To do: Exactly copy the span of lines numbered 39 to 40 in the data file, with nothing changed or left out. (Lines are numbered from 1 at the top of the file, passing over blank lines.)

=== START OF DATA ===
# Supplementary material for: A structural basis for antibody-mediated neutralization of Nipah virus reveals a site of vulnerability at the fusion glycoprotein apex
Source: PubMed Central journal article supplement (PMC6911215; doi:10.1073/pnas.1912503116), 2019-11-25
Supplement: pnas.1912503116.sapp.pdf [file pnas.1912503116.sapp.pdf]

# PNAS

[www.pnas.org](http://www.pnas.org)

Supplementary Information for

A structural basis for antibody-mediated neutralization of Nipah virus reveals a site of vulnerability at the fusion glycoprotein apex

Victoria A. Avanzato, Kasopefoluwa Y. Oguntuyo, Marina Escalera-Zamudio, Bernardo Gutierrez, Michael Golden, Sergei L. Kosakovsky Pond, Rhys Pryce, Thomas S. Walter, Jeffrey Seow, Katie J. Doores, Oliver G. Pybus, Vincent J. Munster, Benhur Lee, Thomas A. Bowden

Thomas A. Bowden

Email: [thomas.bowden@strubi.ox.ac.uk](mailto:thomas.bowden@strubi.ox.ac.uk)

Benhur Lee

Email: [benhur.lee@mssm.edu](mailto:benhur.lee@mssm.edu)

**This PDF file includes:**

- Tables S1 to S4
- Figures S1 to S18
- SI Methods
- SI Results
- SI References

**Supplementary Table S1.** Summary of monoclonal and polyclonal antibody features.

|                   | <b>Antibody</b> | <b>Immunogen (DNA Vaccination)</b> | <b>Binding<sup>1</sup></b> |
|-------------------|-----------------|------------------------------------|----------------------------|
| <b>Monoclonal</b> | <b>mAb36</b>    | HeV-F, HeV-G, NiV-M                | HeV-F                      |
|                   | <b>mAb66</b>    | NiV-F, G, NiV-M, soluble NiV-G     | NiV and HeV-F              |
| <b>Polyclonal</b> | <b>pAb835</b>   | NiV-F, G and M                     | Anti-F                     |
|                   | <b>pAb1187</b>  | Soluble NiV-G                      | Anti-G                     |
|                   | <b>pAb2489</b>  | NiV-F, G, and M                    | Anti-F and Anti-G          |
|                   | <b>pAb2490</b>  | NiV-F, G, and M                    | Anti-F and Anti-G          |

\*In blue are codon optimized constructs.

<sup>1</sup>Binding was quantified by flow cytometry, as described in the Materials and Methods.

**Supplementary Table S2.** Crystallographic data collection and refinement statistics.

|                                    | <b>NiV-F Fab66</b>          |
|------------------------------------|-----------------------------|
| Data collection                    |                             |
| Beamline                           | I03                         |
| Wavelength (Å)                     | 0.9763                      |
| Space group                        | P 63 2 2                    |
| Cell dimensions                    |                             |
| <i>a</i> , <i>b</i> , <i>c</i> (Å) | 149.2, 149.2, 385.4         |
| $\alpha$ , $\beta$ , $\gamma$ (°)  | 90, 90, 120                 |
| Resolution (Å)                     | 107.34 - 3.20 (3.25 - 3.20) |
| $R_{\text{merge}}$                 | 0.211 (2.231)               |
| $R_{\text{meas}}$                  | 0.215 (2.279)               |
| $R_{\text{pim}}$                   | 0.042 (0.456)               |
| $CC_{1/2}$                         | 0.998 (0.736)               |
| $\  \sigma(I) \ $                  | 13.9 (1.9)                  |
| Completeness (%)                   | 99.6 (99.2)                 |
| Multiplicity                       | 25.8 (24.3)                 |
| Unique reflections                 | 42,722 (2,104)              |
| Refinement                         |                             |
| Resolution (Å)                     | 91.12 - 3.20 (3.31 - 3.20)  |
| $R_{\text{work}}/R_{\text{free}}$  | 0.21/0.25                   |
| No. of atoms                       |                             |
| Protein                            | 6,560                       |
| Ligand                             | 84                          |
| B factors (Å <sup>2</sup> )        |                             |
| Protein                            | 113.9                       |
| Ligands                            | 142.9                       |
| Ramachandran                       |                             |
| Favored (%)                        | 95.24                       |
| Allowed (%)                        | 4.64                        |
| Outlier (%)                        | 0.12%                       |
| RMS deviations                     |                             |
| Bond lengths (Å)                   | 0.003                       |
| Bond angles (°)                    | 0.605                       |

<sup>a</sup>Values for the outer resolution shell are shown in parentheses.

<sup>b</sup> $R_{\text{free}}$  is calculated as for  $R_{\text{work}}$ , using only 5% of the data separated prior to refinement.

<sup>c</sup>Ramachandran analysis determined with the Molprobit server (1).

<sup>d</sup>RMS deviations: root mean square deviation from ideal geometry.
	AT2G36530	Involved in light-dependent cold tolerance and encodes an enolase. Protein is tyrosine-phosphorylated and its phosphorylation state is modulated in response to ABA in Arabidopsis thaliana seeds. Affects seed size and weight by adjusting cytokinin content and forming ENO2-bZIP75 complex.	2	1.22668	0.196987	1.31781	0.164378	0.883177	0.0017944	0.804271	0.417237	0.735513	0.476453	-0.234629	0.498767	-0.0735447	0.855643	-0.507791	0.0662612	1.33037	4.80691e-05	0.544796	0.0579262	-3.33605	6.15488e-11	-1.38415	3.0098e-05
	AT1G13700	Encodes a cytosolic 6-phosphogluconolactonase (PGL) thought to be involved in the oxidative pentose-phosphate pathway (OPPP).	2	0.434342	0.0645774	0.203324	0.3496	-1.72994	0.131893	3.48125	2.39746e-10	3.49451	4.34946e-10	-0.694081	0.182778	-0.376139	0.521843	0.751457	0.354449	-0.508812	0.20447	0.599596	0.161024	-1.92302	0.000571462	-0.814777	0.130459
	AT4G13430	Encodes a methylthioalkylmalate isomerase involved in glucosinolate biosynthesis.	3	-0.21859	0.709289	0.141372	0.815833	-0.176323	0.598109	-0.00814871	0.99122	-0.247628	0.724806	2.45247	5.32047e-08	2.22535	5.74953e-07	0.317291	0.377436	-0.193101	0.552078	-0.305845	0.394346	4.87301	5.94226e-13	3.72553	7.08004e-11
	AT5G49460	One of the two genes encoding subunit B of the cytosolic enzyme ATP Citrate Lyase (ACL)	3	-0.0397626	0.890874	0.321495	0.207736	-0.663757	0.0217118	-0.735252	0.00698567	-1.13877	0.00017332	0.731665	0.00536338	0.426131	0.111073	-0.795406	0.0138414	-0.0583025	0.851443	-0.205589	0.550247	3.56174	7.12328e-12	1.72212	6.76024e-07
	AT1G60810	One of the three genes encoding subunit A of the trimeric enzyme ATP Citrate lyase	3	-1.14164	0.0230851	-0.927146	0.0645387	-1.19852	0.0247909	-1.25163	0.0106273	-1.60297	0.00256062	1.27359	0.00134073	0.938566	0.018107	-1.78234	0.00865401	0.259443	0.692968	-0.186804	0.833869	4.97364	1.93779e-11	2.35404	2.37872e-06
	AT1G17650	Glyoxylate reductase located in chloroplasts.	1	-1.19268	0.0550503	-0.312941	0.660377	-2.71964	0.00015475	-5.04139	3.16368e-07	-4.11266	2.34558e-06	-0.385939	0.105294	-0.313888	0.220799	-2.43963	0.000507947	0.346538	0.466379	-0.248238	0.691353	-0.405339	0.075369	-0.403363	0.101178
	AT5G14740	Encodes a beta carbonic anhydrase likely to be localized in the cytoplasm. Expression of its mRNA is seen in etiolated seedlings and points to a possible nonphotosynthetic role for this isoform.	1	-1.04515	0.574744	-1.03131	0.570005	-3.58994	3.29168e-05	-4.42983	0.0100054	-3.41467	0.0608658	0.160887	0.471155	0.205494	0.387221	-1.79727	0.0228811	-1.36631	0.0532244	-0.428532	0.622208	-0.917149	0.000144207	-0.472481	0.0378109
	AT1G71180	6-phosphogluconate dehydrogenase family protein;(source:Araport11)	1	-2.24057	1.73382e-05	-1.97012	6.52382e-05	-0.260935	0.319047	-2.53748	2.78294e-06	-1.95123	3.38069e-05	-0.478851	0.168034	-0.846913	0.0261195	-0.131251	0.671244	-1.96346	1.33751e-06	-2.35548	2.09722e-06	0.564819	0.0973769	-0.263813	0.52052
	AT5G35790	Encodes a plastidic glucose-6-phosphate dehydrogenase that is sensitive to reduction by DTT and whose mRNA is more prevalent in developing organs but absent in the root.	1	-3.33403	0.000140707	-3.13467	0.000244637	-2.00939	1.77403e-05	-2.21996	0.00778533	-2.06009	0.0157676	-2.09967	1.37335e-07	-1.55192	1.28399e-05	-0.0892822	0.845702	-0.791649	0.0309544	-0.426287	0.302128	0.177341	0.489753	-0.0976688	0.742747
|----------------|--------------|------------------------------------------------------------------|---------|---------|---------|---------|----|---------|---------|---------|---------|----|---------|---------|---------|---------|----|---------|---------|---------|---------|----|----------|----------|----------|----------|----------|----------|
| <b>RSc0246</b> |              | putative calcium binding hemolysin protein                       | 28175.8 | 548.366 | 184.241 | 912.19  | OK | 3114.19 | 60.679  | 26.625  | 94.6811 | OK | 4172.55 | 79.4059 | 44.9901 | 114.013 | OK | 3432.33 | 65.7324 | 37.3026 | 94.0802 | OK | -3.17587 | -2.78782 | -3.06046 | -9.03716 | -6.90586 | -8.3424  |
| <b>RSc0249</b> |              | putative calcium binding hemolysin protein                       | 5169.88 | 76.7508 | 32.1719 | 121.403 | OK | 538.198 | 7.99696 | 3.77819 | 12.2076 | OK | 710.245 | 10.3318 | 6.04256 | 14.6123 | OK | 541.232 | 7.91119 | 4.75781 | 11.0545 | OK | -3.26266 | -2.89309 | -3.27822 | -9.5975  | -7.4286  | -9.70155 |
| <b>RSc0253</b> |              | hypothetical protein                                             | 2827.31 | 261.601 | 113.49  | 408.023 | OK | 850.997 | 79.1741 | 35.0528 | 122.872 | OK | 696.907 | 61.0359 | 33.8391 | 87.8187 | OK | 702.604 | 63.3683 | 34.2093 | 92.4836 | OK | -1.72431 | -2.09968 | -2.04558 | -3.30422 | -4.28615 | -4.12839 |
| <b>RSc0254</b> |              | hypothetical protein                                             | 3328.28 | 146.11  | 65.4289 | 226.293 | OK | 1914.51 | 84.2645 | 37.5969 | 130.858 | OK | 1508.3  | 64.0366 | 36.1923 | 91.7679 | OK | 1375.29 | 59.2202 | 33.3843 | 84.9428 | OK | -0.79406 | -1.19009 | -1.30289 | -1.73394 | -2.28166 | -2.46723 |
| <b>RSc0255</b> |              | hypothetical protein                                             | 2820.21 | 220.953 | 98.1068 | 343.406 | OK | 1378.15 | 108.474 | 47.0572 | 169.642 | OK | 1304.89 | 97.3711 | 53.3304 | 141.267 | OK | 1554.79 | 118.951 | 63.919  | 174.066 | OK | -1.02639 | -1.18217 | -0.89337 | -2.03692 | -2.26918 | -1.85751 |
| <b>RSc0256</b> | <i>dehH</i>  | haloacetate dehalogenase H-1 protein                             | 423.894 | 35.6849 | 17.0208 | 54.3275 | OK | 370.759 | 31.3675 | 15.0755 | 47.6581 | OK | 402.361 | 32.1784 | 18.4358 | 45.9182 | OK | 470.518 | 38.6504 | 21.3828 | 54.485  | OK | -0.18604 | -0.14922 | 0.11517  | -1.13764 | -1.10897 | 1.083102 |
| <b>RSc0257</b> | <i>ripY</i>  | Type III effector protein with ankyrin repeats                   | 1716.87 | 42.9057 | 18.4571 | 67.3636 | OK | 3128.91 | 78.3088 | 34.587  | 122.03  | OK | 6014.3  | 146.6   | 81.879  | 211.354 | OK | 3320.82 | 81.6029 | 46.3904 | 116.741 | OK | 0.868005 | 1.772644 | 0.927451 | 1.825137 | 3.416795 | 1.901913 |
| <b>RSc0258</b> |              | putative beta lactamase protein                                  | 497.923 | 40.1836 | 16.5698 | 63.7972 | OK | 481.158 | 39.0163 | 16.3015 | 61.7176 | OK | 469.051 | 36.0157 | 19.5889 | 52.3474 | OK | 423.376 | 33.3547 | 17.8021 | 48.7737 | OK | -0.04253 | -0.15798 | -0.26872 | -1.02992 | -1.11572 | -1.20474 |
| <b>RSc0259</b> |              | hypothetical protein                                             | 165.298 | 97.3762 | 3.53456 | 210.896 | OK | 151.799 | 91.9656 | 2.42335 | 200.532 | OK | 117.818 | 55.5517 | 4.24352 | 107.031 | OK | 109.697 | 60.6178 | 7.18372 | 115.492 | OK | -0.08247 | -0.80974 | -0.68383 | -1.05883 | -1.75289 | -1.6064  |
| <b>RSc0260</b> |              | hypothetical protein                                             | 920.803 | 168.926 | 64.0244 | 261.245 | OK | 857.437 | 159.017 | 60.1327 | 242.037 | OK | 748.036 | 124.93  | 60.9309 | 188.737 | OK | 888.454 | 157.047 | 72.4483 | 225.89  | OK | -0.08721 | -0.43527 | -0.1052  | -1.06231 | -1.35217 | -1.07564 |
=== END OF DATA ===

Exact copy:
| $\alpha$ , $\beta$ , $\gamma$ (°)  | 90, 90, 120                 |
| Resolution (Å)                     | 107.34 - 3.20 (3.25 - 3.20) |